You’ve started doing TDD or unit testing your systemverilog code with SVUnit, your defect rate is down and you’re producing better code. You’re at the point where your experience could benefit the rest of your team but you’re not sure how to get the point across.
What do you do?
This is a question I’m getting more and more now that people have started either doing TDD or unit testing code with SVUnit. Producing better code is exciting stuff and folks think it’s worth spreading the word to the rest of the team.
Here’s what I’ve been suggesting to people…
Don’t Get Frustrated
Surprise! People can be skeptical of new ideas! I certainly am. In fact, I think people should be skeptical of everything. TDD and unit testing are quite different from the norm so expect skepticism at first.
It’ll take a while for people to come around so be persistent and don’t give up when the first answer is “no”. And even if after several months of trying you’ve had no success at all, remember that TDD or unit testing are making you a better engineer. Maybe people will eventually come around, maybe they won’t. Either way, there’s nothing to get frustrated about while you wait because you get to carry on with the good work that you’re doing!
Become an Advocate
As an advocate for TDD or unit testing, you’re there to speak up when the opportunity presents itself (or you create opportunities to speak up!). Simply informing people of the possibilities is important so don’t be afraid to talk about the new techniques you’ve been practicing and tell people about the benefits you’re seeing.
(fwiw… people usually use the word evangelist here but I prefer advocate. Maybe it’s just me, but I always think of evangelists as loud/preachy folks that are in your face and never let up whereas advocates are vocal yet calm, confident and practical in they way they lay out their position. Whatever term you prefer, the point is to speak up and inform!)
Hold an Information Session
If you feel interest growing within your team, doing a lunch-time presentation can be a good way to spread the word to a larger audience and generate larger group discussions. It can also be a good move to get a better understanding of what might be holding people back!
Do a Demo
As a follow-up to the information session (or instead of the info session), consider doing a group demo. TDD and unit testing are Greek to some so words may not get the idea across effectively. Showing people what you’re doing as you describe it will make it much easier for them to connect the dots. Even better would be to have people do an example for themselves during your demo. You can reference the README.txt in the install directory for this. You should be able to have everyone write and run their first unit test fairly easily provided SVUnit and simulator are accessible to all.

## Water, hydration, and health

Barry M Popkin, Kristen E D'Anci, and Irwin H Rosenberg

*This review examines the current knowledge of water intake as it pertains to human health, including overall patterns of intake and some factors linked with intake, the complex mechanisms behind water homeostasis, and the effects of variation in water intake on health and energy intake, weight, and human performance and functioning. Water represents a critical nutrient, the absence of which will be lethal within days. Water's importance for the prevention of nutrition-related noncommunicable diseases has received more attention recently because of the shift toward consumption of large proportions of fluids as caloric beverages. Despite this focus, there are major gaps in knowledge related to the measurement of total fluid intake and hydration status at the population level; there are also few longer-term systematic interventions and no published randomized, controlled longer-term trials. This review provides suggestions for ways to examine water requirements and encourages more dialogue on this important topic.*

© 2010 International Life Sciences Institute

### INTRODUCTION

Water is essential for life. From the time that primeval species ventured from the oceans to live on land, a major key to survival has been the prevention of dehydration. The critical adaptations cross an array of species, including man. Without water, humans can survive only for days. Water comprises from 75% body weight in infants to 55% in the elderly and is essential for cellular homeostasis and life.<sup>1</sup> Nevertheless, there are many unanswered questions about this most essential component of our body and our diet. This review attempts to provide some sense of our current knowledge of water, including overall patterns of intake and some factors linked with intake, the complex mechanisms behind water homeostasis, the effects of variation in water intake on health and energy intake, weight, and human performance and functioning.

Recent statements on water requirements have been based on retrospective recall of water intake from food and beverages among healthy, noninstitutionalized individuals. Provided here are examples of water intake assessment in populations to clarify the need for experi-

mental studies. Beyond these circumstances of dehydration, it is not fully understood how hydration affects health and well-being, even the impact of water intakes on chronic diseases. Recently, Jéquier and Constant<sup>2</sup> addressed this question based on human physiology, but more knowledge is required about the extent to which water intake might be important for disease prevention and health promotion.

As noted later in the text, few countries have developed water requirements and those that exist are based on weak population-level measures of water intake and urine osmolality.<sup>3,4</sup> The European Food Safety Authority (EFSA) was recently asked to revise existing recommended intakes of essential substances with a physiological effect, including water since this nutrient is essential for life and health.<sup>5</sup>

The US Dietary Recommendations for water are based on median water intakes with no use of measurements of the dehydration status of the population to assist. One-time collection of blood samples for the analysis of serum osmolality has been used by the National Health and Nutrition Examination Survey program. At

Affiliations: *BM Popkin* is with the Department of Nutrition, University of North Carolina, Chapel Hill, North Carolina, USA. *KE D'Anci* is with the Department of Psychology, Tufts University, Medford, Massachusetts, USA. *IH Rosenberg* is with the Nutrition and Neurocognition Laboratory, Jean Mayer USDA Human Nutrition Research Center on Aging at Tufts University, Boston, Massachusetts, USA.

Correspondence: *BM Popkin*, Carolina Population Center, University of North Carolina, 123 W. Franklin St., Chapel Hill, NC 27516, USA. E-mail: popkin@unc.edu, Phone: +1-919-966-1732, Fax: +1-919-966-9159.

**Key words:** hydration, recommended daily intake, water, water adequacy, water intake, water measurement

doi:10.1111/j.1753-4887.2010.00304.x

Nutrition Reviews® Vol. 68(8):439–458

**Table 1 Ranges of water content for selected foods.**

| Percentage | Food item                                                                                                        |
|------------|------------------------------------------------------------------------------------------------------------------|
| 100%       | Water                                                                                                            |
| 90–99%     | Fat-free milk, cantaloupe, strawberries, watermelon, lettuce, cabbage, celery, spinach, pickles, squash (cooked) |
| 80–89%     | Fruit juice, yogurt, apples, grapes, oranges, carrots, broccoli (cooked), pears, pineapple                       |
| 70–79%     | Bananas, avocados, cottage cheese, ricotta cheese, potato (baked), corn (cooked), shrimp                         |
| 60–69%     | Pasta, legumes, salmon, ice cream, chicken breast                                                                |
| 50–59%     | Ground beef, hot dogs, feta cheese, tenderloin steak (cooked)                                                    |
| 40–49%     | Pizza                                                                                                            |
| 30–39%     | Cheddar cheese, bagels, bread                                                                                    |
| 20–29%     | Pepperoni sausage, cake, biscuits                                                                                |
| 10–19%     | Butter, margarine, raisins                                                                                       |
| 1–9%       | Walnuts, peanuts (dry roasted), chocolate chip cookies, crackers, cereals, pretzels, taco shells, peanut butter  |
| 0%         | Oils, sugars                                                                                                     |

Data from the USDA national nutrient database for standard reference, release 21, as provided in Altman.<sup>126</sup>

Emphasize the Benefits
I’ve always considered the major benefit of TDD or unit testing my code as a decrease in the number of defects I produce. Others have told me that the speed of unit tests is a big selling feature. I think both simulation speed and lower defect rates are points you can emphasize with the rest of your team. The fast/easy/reusable/uniform setup and usage model is something you can emphasize as well, though be sure to show people that instead of just telling them about it. UVM proposes the same so remember there’s quite a range in our collective understanding of what it means to be fast/easy/reusable/uniform!
If you just tell people what you’re doing, it’ll be too easy for them to forget. But if you tell people and then remind them constantly (without being an annoyance!), people will see you’re practicing as you preach… and maybe that’s the nudge they need to give it a try.
For that reason, I think being visible is probably the most important thing you can do long term. Being visible, to me, means you’ve posted your successes, failures and overall experience somewhere people can see them, like a whiteboard outside your cube that people will see as they walk by or (less good) would be a dedicated intranet page. This will be hard at first if you’re not used to putting your work on display or inviting critique. It gets easier though, trust me :).
A few ideas that can help keep people in the loop…
- a list of lessons learned
- defect counts (your defects and the defects you find elsewhere)
- a running total of tests with corresponding runtimes (remember speed is a selling feature)
Find a Protege
I feel safe in guaranteeing that most people will be skeptical of your big new idea and brush it off at first. But I can also guarantee there will be at least one person that sees the light. It may take a while, but he or she will be there and they’ll want in.
That person will need your help. I’m talking real help; sit with this person, work with them, help them write their first few unit tests and be there for them when they need it. Open door policy; 24 hour assistance and all the rest. This is a chance to double the size of your idea. Don’t miss it!
If you have the chance to take a training course from someone who knows what they’re talking about, do it. If training isn’t an option, read a good book on your own time. Do the examples and get to know all the ins and outs of TDD.
(or a great book on introducing change that’s been a big help for me is Fearless Change by Mary Lynn Manns and Linda Rising. In fact, some of the ideas I have here come directly from their book 🙂 )
Ask For Help
Finally, we do have enough people experimenting and practicing TDD and unit testing with SVUnit that there are people out there that can offer pointers based on what they’ve gone through themselves. If you’re stuck, feel free to reach out to me or others via the blog. I sometimes turn questions into blog posts (that’s what motivated this post) as a way of enticing others to weigh in and help out.
Hope this helps!